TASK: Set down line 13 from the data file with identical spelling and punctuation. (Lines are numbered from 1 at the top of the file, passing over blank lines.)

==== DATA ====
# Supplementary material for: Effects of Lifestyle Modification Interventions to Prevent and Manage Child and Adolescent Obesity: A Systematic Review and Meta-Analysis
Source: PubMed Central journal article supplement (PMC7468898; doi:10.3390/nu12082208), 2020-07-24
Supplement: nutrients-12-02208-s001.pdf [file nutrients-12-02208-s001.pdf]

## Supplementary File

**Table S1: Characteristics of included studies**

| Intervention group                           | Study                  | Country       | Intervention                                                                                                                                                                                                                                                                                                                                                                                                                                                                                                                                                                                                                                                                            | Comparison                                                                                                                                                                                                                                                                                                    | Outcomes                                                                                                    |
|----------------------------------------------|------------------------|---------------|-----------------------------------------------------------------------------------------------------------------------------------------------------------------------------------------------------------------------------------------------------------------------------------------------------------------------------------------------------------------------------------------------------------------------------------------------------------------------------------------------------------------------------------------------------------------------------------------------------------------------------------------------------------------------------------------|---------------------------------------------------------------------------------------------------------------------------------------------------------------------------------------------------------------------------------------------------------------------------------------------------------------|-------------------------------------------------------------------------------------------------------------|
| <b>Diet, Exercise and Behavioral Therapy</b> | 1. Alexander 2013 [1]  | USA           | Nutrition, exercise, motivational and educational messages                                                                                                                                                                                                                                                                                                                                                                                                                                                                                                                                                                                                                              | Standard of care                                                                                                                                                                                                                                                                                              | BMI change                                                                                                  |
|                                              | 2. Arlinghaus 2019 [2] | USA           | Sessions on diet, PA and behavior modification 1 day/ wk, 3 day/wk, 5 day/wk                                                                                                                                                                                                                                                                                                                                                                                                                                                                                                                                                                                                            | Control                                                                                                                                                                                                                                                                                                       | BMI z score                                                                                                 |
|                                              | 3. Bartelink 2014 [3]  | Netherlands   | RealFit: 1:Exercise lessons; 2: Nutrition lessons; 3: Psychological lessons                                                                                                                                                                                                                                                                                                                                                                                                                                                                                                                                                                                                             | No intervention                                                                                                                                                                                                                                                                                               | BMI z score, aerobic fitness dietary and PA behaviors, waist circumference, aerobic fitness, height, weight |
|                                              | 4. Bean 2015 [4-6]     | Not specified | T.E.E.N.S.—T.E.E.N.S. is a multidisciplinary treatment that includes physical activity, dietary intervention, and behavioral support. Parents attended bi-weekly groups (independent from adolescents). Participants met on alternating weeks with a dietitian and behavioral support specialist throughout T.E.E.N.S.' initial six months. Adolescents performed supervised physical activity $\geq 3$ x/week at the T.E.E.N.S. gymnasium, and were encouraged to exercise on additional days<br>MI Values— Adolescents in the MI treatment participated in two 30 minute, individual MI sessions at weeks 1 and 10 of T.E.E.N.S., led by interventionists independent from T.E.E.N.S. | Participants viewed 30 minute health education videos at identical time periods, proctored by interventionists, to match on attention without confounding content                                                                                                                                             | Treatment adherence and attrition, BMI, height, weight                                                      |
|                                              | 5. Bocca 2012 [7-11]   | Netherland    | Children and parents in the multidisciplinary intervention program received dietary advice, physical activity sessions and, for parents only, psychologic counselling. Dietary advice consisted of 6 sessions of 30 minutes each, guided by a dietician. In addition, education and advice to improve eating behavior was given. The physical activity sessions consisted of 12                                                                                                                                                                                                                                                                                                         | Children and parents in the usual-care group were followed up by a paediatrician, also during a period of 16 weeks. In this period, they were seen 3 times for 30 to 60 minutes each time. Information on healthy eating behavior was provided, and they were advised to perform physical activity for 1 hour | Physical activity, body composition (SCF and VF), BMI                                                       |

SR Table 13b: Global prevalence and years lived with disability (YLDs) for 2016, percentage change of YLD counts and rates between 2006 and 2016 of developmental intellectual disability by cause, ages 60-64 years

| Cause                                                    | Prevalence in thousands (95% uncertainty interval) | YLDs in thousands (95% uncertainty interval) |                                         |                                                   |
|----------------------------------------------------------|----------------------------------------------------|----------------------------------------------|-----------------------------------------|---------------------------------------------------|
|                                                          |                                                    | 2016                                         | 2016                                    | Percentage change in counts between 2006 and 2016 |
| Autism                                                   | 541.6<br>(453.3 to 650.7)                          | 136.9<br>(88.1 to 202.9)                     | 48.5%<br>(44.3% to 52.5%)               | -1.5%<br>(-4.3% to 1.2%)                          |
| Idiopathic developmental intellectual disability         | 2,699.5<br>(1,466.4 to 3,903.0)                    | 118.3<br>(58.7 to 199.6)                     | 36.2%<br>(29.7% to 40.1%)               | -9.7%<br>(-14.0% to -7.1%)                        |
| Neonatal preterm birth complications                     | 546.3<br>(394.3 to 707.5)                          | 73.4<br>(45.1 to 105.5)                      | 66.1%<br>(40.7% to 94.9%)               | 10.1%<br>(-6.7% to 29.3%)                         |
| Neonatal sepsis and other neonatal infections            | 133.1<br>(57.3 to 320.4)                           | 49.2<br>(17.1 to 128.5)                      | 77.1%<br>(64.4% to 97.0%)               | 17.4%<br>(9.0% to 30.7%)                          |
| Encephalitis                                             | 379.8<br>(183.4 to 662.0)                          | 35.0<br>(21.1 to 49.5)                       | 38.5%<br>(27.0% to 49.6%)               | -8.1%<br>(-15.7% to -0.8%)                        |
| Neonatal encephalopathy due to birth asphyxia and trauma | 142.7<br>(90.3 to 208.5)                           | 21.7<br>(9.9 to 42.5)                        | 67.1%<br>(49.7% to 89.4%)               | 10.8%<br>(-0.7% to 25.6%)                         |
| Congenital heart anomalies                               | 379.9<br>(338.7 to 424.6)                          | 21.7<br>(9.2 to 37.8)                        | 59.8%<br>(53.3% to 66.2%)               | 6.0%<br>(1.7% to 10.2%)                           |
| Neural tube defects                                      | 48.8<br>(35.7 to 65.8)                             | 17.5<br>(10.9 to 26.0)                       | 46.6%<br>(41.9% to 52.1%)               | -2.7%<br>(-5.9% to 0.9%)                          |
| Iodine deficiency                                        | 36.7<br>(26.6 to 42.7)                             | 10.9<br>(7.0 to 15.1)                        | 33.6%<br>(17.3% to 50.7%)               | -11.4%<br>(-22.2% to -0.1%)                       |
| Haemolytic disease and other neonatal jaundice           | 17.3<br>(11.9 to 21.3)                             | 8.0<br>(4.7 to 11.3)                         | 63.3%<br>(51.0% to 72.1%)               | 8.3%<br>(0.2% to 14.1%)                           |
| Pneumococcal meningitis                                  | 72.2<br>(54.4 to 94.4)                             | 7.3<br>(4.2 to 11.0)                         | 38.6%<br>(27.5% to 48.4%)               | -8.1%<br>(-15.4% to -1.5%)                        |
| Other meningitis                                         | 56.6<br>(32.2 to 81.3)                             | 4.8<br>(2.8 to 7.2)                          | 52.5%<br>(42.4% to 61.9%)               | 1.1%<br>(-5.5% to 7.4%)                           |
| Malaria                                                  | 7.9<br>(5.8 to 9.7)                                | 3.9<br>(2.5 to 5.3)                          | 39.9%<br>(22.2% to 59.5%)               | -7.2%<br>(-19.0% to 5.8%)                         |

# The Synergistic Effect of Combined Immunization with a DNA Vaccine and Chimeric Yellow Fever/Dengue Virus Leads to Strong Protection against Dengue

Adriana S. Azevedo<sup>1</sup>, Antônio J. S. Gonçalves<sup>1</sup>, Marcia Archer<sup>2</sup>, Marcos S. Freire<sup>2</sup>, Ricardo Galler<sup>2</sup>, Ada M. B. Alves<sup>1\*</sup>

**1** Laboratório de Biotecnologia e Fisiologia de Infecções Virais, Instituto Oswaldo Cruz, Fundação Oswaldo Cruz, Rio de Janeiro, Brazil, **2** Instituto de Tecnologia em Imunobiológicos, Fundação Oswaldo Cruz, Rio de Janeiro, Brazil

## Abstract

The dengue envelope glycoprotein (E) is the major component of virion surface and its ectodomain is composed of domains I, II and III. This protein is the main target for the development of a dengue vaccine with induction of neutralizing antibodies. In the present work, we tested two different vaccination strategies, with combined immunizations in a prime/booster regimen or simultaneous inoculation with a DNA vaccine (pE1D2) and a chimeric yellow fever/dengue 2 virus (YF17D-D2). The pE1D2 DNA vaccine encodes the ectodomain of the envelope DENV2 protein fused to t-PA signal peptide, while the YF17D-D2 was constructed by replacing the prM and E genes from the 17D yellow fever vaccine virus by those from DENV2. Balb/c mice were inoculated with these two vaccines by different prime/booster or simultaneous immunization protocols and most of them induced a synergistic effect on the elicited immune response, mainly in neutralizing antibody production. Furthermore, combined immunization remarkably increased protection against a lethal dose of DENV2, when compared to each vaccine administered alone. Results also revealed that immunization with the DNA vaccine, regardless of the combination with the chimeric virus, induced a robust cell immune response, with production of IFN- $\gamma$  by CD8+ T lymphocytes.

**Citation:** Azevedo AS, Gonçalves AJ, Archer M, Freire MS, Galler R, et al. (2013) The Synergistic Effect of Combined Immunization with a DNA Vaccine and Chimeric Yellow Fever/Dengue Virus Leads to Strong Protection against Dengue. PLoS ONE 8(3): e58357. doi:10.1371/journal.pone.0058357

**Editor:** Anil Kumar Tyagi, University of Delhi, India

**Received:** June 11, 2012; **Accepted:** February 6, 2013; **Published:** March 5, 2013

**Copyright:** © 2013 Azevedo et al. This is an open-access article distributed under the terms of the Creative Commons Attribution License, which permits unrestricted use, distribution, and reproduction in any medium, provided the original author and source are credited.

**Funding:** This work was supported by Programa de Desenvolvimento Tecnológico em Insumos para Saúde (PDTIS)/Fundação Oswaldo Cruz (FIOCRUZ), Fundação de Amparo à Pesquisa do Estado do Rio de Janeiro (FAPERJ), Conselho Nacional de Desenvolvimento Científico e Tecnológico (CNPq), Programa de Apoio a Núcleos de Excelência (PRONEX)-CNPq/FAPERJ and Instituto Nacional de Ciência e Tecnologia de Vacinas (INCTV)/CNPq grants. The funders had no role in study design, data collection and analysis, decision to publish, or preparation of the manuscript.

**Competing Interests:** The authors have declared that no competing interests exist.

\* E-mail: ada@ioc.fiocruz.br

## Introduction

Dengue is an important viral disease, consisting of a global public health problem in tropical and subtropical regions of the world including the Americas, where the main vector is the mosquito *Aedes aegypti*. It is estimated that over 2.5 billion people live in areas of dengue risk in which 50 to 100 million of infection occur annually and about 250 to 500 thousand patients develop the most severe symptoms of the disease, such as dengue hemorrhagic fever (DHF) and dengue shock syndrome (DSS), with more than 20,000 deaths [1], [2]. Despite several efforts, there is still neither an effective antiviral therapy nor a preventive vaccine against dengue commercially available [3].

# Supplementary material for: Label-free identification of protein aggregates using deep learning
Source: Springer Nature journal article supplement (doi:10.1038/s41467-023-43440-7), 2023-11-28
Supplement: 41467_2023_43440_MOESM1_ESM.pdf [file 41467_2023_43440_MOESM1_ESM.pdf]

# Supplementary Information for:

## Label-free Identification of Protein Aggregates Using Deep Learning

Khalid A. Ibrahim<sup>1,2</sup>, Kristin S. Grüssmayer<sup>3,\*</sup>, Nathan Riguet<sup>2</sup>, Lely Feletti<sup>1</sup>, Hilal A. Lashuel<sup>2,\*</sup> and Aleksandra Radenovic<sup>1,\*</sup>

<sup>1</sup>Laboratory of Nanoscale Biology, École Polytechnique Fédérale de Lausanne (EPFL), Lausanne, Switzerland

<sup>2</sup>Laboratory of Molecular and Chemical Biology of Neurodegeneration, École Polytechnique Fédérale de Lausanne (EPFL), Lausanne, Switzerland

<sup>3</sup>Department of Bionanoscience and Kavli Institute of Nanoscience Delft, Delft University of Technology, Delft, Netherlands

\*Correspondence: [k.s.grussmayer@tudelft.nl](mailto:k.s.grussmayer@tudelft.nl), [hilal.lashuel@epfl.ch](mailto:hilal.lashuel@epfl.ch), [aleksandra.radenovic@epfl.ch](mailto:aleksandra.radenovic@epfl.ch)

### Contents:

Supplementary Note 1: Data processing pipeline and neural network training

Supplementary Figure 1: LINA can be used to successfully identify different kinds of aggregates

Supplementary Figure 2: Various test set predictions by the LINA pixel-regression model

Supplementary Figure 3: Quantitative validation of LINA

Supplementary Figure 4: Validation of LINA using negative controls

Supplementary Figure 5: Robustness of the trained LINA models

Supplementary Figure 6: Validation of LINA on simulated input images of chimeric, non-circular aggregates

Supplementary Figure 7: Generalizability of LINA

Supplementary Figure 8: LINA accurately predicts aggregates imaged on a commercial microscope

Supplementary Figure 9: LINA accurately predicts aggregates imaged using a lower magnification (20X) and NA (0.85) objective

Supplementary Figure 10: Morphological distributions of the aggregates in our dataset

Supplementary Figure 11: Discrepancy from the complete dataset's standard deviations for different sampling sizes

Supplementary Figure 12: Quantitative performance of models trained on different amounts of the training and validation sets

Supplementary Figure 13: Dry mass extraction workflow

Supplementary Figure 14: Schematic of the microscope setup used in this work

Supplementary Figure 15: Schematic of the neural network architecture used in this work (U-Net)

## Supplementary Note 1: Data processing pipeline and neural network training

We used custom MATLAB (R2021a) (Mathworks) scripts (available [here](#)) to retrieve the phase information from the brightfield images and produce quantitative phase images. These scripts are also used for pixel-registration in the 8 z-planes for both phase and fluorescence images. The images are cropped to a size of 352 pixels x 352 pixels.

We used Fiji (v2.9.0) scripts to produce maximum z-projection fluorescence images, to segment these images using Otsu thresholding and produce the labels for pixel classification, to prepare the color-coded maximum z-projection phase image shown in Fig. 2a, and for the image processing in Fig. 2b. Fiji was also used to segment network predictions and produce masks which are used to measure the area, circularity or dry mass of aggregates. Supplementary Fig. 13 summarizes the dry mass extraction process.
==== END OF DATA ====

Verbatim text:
SR Table 13b: Global prevalence and years lived with disability (YLDs) for 2016, percentage change of YLD counts and rates between 2006 and 2016 of developmental intellectual disability by cause, ages 60-64 years